The Fourth Degree of Prayer

In all the ways to water the garden, or ways of prayer, discussed so far, the gardener does some work. In this fourth degree of prayer “the soul isn’t in possession of its senses, but it rejoices without understanding what it is rejoicing in. It understands that is is enjoying a good in which are gathered together all goods, but this good is incomprehensible”. This prayer is called union. What union means is that “two separate things become one.”

St. Teresa attempts to explain what this union is and what it is the soul feels in this divine union, but has trouble explaining something so ineffable. There are many graces and effects left in the soul that has reached so great a state.

This heavenly water, when it comes, comes in abundance and soaks and saturates the entire garden. “This water from heaven often comes when the gardener is least expecting it.” St. Teresa also points out that this prayer almost always occurs only after a long periods of mental prayer. At the beginning this prayer is brief and passes quickly and may be imperceptible at first. The faculties are suspended but only for a very short time. The intellect, memory and will are united and are all tasting the “divine wine and are inebriated by it”.

While this prayer remains an obscure experience to the soul the soul has a certitude about being joined to God and cannot help but believe in the truth of it.

Many fruits are left in the soul that has received this great favor from the Lord. Particularly, the virtue of humility. “The soul sees clearly that it is most unworthy; it sees its misery.” The soul realizes that it did not receive this on its own; it is truly pure gift.

Progress in virtue remains for a long time and the soul begins to be of benefit to others without knowing it or doing anything that is of itself. “The soul understands that it has virtue, and its neighbors see the desirable fruit.”
“If the soil is well cultivated by trials, persecutions, criticism, and illnesses – for few there must be who reach this stage without them- and if it is softened by living in great detachment from self-interest, the water soaks it to the extent that it is almost never dry.”

“But if the soil is still hardened in the earth and has a lots of briers,…and is still not so removed from occasions and if it doesn’t have the gratitude a favor as great as this deserves, the ground will dry up again. And if the gardener becomes careless and the Lord soley out of His goodness does not desire to let the rains come again, the garden can be considered as lost.”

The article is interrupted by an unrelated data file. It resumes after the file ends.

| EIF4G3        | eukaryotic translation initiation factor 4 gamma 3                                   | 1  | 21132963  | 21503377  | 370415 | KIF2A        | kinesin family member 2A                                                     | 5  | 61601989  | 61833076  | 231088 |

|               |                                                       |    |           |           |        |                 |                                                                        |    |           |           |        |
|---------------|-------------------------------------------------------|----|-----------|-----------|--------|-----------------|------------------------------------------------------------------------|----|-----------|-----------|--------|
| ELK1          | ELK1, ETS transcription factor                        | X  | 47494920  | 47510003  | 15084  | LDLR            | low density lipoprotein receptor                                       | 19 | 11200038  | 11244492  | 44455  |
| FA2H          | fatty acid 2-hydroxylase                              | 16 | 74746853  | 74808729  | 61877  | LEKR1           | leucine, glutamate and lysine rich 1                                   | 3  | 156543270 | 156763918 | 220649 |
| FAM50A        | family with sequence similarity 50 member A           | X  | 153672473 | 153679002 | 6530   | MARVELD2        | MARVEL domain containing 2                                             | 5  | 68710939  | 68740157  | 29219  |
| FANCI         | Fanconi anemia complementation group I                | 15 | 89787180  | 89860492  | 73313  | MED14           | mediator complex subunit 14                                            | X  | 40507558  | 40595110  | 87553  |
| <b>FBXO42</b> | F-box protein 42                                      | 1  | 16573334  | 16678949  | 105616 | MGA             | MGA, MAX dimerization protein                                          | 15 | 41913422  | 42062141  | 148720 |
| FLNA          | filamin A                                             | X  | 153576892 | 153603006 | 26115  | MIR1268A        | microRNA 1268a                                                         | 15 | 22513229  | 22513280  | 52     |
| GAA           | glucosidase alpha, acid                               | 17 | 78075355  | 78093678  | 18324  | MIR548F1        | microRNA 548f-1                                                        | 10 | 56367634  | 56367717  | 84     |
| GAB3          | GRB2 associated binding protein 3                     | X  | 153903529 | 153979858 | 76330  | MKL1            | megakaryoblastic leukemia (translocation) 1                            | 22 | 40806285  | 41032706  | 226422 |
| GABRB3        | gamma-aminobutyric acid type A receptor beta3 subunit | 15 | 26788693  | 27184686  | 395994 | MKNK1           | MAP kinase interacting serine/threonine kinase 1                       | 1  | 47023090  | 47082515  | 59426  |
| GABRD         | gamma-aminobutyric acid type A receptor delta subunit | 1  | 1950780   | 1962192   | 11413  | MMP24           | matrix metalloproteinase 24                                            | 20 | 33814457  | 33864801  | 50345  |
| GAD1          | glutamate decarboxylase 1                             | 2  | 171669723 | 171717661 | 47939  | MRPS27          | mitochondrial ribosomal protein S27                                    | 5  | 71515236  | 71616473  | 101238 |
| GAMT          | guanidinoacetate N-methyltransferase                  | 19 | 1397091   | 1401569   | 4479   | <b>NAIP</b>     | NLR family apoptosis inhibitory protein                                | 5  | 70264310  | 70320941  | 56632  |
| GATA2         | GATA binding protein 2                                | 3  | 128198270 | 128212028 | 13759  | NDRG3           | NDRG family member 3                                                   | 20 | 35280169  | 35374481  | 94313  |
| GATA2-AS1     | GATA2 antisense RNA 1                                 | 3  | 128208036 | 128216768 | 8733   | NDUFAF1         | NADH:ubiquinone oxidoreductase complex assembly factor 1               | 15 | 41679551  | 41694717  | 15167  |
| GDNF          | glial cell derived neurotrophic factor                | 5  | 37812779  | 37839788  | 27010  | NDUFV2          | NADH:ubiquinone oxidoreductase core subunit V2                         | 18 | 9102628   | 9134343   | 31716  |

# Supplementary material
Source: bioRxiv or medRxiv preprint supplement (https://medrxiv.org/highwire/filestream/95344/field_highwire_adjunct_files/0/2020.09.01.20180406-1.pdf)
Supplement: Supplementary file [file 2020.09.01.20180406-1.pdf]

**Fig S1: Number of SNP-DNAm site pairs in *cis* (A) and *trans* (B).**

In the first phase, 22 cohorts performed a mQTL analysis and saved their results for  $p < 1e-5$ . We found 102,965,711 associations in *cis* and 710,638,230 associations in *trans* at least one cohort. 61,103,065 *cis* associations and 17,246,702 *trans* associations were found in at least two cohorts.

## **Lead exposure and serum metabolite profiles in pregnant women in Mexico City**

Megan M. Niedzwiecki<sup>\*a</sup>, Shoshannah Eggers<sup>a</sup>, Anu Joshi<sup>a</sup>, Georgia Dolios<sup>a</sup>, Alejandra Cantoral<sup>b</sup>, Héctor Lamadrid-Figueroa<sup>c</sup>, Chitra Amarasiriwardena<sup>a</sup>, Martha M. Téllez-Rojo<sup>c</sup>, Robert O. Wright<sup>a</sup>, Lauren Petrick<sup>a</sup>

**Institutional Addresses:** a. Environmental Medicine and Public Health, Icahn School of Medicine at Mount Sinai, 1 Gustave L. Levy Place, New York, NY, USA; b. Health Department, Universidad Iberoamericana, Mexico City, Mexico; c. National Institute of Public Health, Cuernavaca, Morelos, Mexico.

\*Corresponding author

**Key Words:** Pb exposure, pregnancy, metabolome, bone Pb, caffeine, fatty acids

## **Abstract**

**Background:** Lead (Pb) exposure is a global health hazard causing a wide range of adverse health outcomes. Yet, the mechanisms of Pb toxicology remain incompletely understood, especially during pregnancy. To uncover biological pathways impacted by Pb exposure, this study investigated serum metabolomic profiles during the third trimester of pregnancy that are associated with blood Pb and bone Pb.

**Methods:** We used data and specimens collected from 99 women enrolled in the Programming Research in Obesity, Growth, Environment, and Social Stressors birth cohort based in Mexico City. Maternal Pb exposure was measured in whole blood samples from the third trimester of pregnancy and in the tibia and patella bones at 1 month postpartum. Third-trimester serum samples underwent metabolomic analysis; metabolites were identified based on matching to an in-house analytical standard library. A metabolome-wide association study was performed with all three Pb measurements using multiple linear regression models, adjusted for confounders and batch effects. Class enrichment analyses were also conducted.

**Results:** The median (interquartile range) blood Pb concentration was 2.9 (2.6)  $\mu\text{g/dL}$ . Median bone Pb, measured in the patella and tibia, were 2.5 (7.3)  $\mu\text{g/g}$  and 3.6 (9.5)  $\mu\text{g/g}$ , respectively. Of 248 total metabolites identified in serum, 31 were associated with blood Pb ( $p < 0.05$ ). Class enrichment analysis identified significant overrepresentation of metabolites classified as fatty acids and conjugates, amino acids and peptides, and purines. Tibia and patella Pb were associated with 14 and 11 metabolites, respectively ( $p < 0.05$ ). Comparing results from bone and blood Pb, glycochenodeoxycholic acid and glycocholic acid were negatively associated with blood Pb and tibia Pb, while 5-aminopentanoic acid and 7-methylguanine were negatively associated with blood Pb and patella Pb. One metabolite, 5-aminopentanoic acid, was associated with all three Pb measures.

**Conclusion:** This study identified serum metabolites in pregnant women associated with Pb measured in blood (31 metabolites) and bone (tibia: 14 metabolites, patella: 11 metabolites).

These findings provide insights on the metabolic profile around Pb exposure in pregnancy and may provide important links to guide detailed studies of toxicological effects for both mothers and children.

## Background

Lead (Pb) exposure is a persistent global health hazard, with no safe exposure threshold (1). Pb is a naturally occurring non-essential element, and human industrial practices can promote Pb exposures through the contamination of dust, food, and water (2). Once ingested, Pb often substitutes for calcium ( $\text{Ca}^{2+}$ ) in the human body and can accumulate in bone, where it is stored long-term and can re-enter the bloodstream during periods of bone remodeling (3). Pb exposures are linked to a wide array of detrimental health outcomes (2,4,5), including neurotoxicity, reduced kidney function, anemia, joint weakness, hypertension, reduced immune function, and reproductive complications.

And it is for this reason that St. Teresa often exhorts in her writings that one should ….

Never give up or abandon prayer or the practice of virtue!

The Third Degree of Prayer

The third way of watering the garden is to irrigate it by the water flowing from a river or spring. Less work is involved in watering the garden in this manner. Some labor is required however to direct the flow of the water.

“This prayer is a sleep of the faculties: the faculties neither fail entirely to function nor understand how they function. The consolation, the sweetness, and the delight are incomparably greater than that experienced in the previous prayer. “

There is not a complete union of all the faculties. God is clearly at work in this prayer. “For the truth of the matter is that the faculties are almost totally united with God but not so absorbed as not to function.” It is God who takes on the task of gardener and the soul is to rest.
The virtues grow even stronger than in the prayer of quiet. The soul “begins to perform great deeds by means of the fragrance the flowers give, for the Lord desires that they bloom so that it may see that it possesses virtue although it is very clearly aware that it couldn’t have acquired them.”
St. Teresa explains the difference between this prayer and that of the prayer of quiet discussed in the second way of watering the garden by using the story of Martha and Mary. Where in the prayer of quiet the soul did not desire to move or stir, “rejoicing in that holy idleness of Mary”, in this third degree of prayer the soul is much more like Martha in that it is engaged in both the active and contemplative life together. “It tends to works of charity and to business affairs that have to do with its state of life and to reading;although it isn’t master of itself completely. And it understands clearly that the best part of the soul is somewhere else”.

The Second Degree of Prayer

The second manner for getting water is by turning the crank of a water wheel and by aqueducts; more water is obtained with less labor and the gardener can rest without having to work constantly.